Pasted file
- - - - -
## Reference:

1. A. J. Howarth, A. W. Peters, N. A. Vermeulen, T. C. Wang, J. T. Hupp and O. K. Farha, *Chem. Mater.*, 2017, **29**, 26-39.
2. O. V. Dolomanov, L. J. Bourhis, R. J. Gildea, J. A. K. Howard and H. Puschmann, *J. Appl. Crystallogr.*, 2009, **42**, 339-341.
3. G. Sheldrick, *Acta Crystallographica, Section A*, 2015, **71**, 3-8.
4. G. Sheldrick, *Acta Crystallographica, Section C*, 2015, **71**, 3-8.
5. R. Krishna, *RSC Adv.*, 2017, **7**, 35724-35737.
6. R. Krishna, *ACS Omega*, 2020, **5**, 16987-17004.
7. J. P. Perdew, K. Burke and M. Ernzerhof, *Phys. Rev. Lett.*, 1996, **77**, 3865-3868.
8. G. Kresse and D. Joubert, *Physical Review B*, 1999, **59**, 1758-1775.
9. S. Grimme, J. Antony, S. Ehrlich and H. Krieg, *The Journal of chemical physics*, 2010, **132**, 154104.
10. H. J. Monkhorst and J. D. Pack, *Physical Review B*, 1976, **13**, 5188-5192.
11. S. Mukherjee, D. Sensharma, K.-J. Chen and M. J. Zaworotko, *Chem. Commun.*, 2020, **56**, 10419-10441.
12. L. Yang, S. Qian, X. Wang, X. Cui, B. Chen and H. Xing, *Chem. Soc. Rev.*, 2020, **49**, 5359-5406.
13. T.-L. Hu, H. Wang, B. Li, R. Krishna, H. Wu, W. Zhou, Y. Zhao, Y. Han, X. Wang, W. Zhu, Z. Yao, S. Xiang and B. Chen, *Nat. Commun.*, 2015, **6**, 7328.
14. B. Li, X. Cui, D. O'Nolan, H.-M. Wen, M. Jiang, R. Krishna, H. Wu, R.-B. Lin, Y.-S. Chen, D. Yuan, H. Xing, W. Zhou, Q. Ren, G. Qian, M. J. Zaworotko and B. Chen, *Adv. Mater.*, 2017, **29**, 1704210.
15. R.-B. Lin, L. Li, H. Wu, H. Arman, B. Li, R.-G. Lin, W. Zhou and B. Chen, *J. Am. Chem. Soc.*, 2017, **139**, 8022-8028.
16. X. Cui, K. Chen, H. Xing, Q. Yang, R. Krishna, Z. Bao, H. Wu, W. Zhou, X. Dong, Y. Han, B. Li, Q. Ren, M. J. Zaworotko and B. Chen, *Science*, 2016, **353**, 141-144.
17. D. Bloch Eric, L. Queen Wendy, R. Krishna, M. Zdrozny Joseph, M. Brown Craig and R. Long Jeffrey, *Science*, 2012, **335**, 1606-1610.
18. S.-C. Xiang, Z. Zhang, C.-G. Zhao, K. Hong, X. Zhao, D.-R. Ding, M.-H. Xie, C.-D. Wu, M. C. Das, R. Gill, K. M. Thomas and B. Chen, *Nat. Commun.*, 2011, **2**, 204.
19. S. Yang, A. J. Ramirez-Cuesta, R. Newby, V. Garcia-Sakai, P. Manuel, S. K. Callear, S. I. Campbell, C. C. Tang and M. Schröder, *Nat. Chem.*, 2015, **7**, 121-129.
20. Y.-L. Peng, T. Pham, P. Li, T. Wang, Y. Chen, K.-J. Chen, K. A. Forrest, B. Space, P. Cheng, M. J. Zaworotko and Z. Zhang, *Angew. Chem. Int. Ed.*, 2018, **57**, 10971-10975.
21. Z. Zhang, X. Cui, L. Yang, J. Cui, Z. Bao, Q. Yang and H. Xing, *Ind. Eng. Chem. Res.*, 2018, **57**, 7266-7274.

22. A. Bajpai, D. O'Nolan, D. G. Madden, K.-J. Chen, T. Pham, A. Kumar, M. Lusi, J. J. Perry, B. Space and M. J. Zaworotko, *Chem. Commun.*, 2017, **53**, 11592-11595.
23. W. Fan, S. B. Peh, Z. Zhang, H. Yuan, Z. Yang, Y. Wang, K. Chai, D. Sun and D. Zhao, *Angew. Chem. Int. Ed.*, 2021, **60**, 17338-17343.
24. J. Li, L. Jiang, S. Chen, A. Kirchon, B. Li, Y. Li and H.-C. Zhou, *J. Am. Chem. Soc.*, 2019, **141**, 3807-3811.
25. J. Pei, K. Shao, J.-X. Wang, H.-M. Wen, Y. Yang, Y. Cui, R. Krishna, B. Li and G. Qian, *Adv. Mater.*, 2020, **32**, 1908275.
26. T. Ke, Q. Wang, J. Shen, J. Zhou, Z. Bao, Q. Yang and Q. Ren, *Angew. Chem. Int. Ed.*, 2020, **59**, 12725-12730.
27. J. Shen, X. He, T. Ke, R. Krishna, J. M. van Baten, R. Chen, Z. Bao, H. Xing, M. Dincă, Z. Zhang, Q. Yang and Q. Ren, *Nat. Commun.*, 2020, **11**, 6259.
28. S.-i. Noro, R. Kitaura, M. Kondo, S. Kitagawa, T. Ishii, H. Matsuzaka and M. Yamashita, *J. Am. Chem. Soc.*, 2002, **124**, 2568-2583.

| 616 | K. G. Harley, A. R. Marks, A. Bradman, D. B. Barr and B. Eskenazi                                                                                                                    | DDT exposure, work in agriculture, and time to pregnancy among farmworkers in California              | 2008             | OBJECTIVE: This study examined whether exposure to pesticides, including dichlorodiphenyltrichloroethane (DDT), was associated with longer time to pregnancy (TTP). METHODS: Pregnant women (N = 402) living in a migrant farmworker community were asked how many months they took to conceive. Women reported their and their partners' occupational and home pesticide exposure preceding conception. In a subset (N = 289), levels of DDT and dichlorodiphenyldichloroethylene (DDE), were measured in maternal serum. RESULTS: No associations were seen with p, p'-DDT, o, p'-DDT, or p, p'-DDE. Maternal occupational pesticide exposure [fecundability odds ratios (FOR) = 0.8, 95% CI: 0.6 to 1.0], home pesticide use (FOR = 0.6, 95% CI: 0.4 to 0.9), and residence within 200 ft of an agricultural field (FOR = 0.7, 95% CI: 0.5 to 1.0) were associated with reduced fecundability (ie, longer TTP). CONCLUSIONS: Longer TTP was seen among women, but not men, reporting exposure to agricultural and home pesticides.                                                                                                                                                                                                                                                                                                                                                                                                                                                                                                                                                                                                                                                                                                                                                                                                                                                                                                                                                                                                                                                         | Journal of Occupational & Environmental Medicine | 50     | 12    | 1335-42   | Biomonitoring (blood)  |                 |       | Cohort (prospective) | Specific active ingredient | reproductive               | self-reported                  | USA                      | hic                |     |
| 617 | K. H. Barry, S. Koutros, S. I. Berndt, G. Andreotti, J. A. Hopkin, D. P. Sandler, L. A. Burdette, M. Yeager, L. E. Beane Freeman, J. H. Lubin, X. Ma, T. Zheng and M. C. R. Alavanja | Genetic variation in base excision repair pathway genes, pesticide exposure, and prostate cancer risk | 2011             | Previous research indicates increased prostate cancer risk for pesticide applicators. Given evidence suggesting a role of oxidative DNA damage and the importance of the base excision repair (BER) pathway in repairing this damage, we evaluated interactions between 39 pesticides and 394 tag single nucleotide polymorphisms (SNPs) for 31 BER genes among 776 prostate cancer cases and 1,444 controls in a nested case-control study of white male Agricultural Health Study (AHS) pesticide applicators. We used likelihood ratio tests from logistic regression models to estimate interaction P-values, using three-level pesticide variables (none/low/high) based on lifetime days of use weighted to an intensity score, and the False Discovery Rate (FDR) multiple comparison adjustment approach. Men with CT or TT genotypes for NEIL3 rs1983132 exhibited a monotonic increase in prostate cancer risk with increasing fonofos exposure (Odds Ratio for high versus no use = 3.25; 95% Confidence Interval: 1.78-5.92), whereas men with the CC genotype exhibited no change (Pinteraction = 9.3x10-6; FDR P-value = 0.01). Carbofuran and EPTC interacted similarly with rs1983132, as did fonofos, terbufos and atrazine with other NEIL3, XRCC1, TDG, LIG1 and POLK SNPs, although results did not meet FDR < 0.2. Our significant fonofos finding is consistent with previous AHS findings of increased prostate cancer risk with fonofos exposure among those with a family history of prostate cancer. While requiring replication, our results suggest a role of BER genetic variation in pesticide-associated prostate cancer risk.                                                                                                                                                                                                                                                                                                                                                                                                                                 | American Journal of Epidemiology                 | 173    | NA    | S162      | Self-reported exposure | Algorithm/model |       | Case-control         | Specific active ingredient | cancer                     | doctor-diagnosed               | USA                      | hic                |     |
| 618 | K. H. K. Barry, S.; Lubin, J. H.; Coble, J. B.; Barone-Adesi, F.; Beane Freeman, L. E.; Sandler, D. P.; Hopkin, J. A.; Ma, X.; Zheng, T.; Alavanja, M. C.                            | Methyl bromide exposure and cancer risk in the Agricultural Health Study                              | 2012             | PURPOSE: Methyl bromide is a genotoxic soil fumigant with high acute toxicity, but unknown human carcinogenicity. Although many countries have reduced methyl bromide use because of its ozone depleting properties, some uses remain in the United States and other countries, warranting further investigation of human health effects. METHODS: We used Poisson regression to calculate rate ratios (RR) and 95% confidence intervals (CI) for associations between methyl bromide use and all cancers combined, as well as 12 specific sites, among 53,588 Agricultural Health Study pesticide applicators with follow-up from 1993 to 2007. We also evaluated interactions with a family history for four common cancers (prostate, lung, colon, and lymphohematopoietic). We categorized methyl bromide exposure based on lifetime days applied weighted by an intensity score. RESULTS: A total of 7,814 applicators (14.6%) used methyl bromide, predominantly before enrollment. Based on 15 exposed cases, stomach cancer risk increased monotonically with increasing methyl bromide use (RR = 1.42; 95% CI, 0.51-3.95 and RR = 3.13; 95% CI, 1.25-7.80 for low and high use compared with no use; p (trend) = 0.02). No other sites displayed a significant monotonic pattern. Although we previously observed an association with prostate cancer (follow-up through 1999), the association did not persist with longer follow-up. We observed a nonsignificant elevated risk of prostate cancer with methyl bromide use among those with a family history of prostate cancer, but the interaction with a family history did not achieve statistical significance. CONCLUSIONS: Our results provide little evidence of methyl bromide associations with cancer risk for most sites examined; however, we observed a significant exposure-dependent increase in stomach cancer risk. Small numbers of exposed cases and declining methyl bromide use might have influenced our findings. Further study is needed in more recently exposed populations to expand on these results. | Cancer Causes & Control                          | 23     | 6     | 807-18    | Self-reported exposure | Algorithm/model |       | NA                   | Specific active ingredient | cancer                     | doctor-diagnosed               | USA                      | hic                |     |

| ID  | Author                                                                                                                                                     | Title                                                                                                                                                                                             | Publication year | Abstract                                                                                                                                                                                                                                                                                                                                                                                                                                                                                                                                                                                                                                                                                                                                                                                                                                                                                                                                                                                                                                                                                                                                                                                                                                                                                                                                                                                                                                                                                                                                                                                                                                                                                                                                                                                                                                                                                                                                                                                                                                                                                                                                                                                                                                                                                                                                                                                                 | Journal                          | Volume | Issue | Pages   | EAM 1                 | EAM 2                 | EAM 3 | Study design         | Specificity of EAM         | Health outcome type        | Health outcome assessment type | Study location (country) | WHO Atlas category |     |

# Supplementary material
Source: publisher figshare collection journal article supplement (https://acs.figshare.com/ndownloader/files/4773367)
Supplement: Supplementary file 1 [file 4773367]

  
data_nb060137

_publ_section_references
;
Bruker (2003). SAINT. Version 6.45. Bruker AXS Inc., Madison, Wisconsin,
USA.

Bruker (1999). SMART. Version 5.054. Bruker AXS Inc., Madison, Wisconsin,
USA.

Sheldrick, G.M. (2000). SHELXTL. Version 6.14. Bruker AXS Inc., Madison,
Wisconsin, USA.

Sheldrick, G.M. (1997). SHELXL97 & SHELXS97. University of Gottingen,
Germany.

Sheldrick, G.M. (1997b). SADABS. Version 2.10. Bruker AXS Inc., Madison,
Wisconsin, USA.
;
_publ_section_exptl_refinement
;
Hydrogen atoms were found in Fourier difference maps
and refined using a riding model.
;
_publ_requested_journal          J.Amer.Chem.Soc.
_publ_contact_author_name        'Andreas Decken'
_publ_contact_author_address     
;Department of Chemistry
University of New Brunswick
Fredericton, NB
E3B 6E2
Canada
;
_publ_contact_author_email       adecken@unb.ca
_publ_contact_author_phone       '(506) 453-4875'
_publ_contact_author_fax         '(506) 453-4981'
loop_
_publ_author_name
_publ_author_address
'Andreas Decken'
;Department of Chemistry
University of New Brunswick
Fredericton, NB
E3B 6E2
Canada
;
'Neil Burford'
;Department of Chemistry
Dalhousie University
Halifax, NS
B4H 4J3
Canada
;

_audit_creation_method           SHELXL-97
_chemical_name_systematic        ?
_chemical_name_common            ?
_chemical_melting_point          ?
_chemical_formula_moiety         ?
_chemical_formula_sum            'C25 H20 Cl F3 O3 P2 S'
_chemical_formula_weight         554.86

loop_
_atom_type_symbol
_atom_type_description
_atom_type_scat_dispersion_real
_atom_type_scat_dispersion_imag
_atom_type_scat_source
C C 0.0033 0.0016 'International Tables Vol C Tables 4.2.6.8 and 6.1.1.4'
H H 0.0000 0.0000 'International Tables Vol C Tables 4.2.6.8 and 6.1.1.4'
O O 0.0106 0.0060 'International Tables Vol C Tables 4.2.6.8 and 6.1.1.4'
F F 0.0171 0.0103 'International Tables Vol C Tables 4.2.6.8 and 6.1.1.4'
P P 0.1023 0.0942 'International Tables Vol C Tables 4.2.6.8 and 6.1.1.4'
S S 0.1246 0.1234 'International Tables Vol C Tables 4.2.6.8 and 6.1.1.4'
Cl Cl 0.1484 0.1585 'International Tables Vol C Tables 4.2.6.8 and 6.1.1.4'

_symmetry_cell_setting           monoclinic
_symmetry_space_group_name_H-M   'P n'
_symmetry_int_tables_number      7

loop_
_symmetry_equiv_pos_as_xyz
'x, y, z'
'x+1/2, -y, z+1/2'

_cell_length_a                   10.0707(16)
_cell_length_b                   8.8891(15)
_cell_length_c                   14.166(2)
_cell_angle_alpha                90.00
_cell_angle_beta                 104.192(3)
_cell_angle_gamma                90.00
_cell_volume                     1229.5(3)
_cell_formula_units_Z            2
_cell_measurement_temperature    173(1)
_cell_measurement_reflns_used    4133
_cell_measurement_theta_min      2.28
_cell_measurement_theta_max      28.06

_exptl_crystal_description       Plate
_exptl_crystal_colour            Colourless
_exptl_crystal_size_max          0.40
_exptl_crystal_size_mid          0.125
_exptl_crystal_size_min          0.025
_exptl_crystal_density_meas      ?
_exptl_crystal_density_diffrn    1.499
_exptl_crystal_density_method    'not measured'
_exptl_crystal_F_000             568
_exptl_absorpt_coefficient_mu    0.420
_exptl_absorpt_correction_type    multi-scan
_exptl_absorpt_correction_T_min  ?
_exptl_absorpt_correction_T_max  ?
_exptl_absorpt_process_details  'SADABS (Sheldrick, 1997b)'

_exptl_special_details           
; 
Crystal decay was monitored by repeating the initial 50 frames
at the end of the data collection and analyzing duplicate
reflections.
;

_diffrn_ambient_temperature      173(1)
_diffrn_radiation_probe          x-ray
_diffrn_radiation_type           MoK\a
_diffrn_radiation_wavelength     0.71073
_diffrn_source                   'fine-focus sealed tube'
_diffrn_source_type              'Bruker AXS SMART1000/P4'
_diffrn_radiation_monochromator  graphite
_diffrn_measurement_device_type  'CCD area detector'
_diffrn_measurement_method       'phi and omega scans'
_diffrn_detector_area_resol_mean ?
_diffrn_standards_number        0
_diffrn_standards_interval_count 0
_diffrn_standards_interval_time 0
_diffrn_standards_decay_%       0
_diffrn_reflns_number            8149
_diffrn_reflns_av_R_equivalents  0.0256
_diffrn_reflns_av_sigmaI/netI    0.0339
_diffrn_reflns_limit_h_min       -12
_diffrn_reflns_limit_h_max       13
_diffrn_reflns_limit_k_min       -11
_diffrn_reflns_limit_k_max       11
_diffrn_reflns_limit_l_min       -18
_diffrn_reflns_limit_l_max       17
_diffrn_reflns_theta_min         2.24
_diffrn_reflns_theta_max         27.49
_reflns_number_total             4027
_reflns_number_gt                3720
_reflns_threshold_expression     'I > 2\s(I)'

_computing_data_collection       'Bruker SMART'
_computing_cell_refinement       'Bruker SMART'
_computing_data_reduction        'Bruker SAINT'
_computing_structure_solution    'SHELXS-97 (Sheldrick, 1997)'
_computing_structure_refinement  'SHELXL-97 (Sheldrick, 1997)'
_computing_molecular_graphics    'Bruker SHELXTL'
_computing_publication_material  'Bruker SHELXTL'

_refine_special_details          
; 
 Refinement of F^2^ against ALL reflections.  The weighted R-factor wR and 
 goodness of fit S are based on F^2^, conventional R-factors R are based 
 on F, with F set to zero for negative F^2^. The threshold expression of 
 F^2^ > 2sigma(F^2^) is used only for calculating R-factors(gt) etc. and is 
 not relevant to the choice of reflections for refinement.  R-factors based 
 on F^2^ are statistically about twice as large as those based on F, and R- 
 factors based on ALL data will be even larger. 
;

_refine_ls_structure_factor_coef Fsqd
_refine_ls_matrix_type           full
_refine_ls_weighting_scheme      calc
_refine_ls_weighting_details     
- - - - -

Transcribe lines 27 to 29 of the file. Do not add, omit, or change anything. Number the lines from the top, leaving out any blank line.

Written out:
26. T. Ke, Q. Wang, J. Shen, J. Zhou, Z. Bao, Q. Yang and Q. Ren, *Angew. Chem. Int. Ed.*, 2020, **59**, 12725-12730.
27. J. Shen, X. He, T. Ke, R. Krishna, J. M. van Baten, R. Chen, Z. Bao, H. Xing, M. Dincă, Z. Zhang, Q. Yang and Q. Ren, *Nat. Commun.*, 2020, **11**, 6259.
28. S.-i. Noro, R. Kitaura, M. Kondo, S. Kitagawa, T. Ishii, H. Matsuzaka and M. Yamashita, *J. Am. Chem. Soc.*, 2002, **124**, 2568-2583.